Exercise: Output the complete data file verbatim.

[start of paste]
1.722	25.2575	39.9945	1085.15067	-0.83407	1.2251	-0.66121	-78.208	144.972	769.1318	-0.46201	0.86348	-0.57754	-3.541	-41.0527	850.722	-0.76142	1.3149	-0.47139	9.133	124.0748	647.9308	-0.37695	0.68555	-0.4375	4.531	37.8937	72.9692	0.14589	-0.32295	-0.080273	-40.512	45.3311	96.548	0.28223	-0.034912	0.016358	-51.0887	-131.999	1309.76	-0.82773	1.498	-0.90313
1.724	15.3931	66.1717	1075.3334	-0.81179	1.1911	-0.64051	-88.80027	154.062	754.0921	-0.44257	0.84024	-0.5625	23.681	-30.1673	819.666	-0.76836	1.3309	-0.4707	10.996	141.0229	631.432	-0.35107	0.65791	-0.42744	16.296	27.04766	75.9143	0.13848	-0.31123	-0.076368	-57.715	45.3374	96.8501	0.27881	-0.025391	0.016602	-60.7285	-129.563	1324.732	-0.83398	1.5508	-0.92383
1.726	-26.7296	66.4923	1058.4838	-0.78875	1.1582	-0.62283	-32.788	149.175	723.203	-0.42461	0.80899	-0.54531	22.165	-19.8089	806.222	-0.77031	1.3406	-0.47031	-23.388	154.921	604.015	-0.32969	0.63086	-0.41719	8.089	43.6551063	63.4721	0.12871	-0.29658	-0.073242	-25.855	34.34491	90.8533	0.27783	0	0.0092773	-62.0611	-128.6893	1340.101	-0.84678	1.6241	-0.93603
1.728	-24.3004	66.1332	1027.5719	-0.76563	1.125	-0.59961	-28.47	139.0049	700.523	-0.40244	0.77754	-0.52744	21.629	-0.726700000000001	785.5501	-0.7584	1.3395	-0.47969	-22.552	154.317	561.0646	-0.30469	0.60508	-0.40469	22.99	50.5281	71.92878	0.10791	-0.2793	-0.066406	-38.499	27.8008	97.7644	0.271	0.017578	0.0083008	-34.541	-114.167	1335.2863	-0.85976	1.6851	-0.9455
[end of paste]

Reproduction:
1.722	25.2575	39.9945	1085.15067	-0.83407	1.2251	-0.66121	-78.208	144.972	769.1318	-0.46201	0.86348	-0.57754	-3.541	-41.0527	850.722	-0.76142	1.3149	-0.47139	9.133	124.0748	647.9308	-0.37695	0.68555	-0.4375	4.531	37.8937	72.9692	0.14589	-0.32295	-0.080273	-40.512	45.3311	96.548	0.28223	-0.034912	0.016358	-51.0887	-131.999	1309.76	-0.82773	1.498	-0.90313
1.724	15.3931	66.1717	1075.3334	-0.81179	1.1911	-0.64051	-88.80027	154.062	754.0921	-0.44257	0.84024	-0.5625	23.681	-30.1673	819.666	-0.76836	1.3309	-0.4707	10.996	141.0229	631.432	-0.35107	0.65791	-0.42744	16.296	27.04766	75.9143	0.13848	-0.31123	-0.076368	-57.715	45.3374	96.8501	0.27881	-0.025391	0.016602	-60.7285	-129.563	1324.732	-0.83398	1.5508	-0.92383
1.726	-26.7296	66.4923	1058.4838	-0.78875	1.1582	-0.62283	-32.788	149.175	723.203	-0.42461	0.80899	-0.54531	22.165	-19.8089	806.222	-0.77031	1.3406	-0.47031	-23.388	154.921	604.015	-0.32969	0.63086	-0.41719	8.089	43.6551063	63.4721	0.12871	-0.29658	-0.073242	-25.855	34.34491	90.8533	0.27783	0	0.0092773	-62.0611	-128.6893	1340.101	-0.84678	1.6241	-0.93603
1.728	-24.3004	66.1332	1027.5719	-0.76563	1.125	-0.59961	-28.47	139.0049	700.523	-0.40244	0.77754	-0.52744	21.629	-0.726700000000001	785.5501	-0.7584	1.3395	-0.47969	-22.552	154.317	561.0646	-0.30469	0.60508	-0.40469	22.99	50.5281	71.92878	0.10791	-0.2793	-0.066406	-38.499	27.8008	97.7644	0.271	0.017578	0.0083008	-34.541	-114.167	1335.2863	-0.85976	1.6851	-0.9455